Frank Skinner: My family values

The comedian talks about how his MA in English literature changed him more than becoming famous, and what kind of father he hopes to be for his son

I was a very happy but quite solitary kid. I spent hours playing on my own, mainly with toy soldiers, and played entire World Cup football tournaments in the garden with commentary in my head. I still do that: when I go to the toilet I often imagine that I'm the manager of Barcelona and being interviewed about how the game's gone.

My dad, John, worked in a factory and, to an outsider, sounds like a slightly terrifying figure. He did drink a lot and used to have fights, but I had tremendous affection for him. He was very into entertainment. He sang a lot in the house and told jokes and did funny voices and would happily come home in a stupid hat just for a laugh.

My mum, Doris, was a source of unalloyed love. She lived for her family and would literally give you her last pound. I think she's made me a kinder person, because I think: Do I want to help this person? If my mum was around, she would have.

I thought grammar school would be full of snobs. I was offered a place at King Edward's in Birmingham, but didn't want to go. It was an enormous decision, but my parents didn't have that awareness of education. My life might have been very different: I started drinking at 15 and realise now I was preparing quite a lot of material for a life as a comedian. I don't know if grammar school would have made such funny stuff.

I think the drinking was nurture, not nature. My dad and two brothers, Keith and Terrence, drank, as did every male I knew. I started drinking hard when I worked in a factory. It made sense because when you walked out of there each day you wanted to forget about it. Now I don't want to forget my job.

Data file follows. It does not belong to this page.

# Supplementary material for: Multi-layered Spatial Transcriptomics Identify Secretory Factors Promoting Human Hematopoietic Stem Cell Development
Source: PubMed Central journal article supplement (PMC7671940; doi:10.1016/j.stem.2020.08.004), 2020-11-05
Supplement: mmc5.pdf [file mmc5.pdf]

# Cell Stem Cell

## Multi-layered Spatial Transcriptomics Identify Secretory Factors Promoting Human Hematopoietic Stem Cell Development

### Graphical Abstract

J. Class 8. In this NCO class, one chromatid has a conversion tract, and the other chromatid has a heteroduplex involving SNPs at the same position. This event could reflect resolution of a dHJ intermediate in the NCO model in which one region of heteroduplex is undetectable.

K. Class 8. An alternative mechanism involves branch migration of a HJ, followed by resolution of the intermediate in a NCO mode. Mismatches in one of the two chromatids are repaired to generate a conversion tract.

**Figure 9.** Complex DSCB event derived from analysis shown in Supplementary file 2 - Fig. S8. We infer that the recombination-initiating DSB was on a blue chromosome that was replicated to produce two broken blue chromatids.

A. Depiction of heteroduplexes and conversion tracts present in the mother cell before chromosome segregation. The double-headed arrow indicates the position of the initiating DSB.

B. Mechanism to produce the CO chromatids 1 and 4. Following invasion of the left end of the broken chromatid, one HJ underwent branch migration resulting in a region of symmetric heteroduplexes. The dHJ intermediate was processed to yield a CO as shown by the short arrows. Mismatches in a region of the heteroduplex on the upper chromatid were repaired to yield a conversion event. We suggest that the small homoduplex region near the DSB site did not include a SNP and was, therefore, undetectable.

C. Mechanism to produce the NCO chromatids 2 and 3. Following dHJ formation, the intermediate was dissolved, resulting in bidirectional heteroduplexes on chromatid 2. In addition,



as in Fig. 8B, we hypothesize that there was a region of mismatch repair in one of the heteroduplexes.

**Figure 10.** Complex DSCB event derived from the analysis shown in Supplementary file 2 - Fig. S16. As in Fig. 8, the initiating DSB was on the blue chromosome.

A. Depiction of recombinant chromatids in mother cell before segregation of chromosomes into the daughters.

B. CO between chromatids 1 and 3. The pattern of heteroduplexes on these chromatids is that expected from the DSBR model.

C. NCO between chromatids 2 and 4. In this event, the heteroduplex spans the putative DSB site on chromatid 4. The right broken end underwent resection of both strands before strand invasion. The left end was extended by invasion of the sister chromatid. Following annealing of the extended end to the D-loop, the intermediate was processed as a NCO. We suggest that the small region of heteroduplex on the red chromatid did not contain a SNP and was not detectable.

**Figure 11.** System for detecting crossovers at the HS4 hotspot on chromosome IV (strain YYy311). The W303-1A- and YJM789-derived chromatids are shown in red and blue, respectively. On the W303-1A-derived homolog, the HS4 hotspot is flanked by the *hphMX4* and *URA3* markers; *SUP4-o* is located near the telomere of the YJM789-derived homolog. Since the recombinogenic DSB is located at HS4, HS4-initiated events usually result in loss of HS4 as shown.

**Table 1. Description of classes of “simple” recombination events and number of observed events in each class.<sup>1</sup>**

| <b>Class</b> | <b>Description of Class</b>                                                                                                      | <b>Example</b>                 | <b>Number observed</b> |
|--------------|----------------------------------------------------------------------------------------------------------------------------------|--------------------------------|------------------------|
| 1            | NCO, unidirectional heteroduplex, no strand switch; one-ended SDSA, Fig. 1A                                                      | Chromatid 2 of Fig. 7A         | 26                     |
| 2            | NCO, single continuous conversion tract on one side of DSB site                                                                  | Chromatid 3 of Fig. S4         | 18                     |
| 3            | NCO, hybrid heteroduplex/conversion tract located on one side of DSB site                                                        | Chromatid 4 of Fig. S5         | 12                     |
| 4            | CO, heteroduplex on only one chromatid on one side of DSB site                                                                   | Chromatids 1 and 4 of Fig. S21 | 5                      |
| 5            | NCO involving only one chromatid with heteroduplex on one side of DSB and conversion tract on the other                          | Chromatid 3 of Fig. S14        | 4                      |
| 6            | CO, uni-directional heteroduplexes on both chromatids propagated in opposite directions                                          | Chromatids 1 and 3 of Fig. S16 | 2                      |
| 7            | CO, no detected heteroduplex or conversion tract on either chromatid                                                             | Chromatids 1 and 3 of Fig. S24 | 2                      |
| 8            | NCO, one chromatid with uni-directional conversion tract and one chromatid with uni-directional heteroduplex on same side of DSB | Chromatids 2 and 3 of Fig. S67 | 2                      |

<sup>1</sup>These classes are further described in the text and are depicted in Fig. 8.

My dad always thought I'd be on the television. He said, "Get on the bandwagon. Once you're on it, you'll always get work."

Dad was a keen Roman Catholic, but I left the church when I was 17, not because I'd stopped believing – it was more doctrinal stuff, like that there was no biblical mention of purgatory. I went back when I was 28, just before I gave up drink. Not only has it brought me a sense of where I am in the world and how I should be with other people, it has also encouraged my imagination to think widely. And when I'm in a Catholic church wherever I am in the world, I feel at home.

I read comic books when I was a kid. Now I have a passion for art and galleries that I think came from that. I didn't read a book without pictures until I was 21. When I got a master's degree in English literature, it changed me more than getting famous. Every day it felt like my head was expanding.

Now that I'm a dad [Buzz, his son, is 20 months], I've thought about how I don't want him to be like me. I wouldn't want him to be as solitary, so I make an effort with that, and I never learned to swim, so I'm already taking him for lessons. I'll try to be an entertaining, funny dad and as loving and kind as I can.

There is a buoyancy at my core – even when my parents died I never truly despaired. When people talk about clinical depression, I don't understand it. My girlfriend thinks it's high serotonin levels. I think it might be my beliefs. I'm not the broken-hearted clown – I'm generally pretty happy.

Room 101's new series starts on Friday, 24 January, on BBC1

Interview by Vicki Power

The GuardianTramp

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